Short Abstract: The need for bioinformatics training is fast outstripping the pace of global training provision. The problem isn’t just affecting students – many postdoctoral researchers, research associates and even PIs/Group Leaders are discovering that they lack the skills necessary to analyse and interpret their data effectively. The situation has been exacerbated by the closure of bioinformatics degree programmes, leaving the educational gaps to be filled with a host of short, ad hoc, geographically dispersed training courses.
The issues aren’t just anecdotal. In 2013, the Society for Experimental Biology (SEB), in association with members of GOBLET (Global Organisation for Bioinformatics Learning, Education & Training – www.mygoblet.org), surveyed bioinformatics training needs amongst life scientists. From >200 responses, the results showed that 76% considered themselves to be self-taught, or relied on colleagues to help them use bioinformatics tools and resources; 67% felt that data analysis and interpretation was the area in which training was most needed; 74% suggested that extra training should be delivered via hands-on workshops (57% suggesting a preference for e-learning).
Given these findings, and results from related surveys (e.g., from ELIXIR-UK), we wanted to assess the scale of the problem by casting the net wider, to gain a more global perspective on current bioinformatics training needs. Accordingly, we re-launched the SEB survey, driving it out to more networks/societies worldwide, but keeping the questions the same so that results from last year can be more readily compared. This poster presents an analysis of the full results from the global survey.

D5 - Bioinformatics Training @ TGAC: a year retrospective, training needs and coding for life scientists
  • Maria Schneider, The Genome Analysis Centre, United Kingdom

Short Abstract: The Genome Analysis Centre (TGAC) has launched its Scientific Training Programme in 2013 with activities geared to offer high quality training to current and the next generation of life scientists in genome analysis, bioinformatics and more. The training opportunities herein defined as for postgraduate level aim to help implement current and future methods and infrastructures in life science research and development within research and discovery. Here we present the structure of the programme and an overview of the feedback and evaluations for our first year. We discussed the aspects and highlights about what worked well as well as the pitfalls and changes we'll be incorporating and have started to implement in our 2014 training activities. We also share the results from an extensive collection of training needs (>500 individuals) we have been gathering from March 2013, based on face-to-face chats and the information on training needs collected in a consistent form. We also will share what the views of bench life scientists and bioinformaticians are with regards the need of bench scientists to learning (or not) the command line. We believe all this information will be useful to others involved in bioinformatics training as well as inspire discussions and thinking on collaborative solutions and adoption of what works well.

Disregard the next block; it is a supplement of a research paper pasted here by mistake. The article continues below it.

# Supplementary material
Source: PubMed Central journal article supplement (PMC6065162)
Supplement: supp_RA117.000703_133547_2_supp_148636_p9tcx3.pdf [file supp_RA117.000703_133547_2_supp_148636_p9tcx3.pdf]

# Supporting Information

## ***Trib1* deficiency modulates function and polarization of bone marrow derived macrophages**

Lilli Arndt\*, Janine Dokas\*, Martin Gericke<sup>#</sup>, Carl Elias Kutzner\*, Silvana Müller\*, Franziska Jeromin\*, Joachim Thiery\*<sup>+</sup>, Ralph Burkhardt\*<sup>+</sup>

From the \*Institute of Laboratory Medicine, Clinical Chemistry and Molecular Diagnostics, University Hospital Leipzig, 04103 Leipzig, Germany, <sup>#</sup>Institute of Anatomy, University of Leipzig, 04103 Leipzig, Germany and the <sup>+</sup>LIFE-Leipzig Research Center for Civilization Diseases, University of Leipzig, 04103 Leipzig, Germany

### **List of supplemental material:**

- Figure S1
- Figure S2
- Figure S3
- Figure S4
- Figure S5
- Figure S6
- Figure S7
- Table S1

D6 - The EMBL-EBI User Training Working Group
  • Sarah Morgan, EMBL-European Bioinformatics Institute, United Kingdom

Short Abstract: EMBL-EBI’s training programme provides a wide range of both on and off-line learning opportunities that encompass the spectrum of molecular biology data. Our training covers both the data resources and services offered by the institute and specific areas of biological data analysis.

External training at the EMBL-EBI is co-ordinated by the training team, but the Institute’s resource experts take responsibility for co-ordination of training within their own areas. Maintaining consistency across a programme that involves several teams in a large and complex organisation can pose challenges. Our solution was to set up an internal User Training Working Group (UTWG), which allows the resource experts to meet up regularly, share ideas and maintain regular contact with each other and the training team.

The UTWG plays a key role in the successful delivery of our training programme. It ensures appropriate trainers are available for all aspects of training and supports the development of training skills for both new and existing staff. Additionally, new areas for training provision are discussed, thus enabling the programme as a whole to evolve and improve. The group has also played an important role in sharing best practise and training tips across the organisation, helping ensure the quality of the training delivered across Europe and beyond.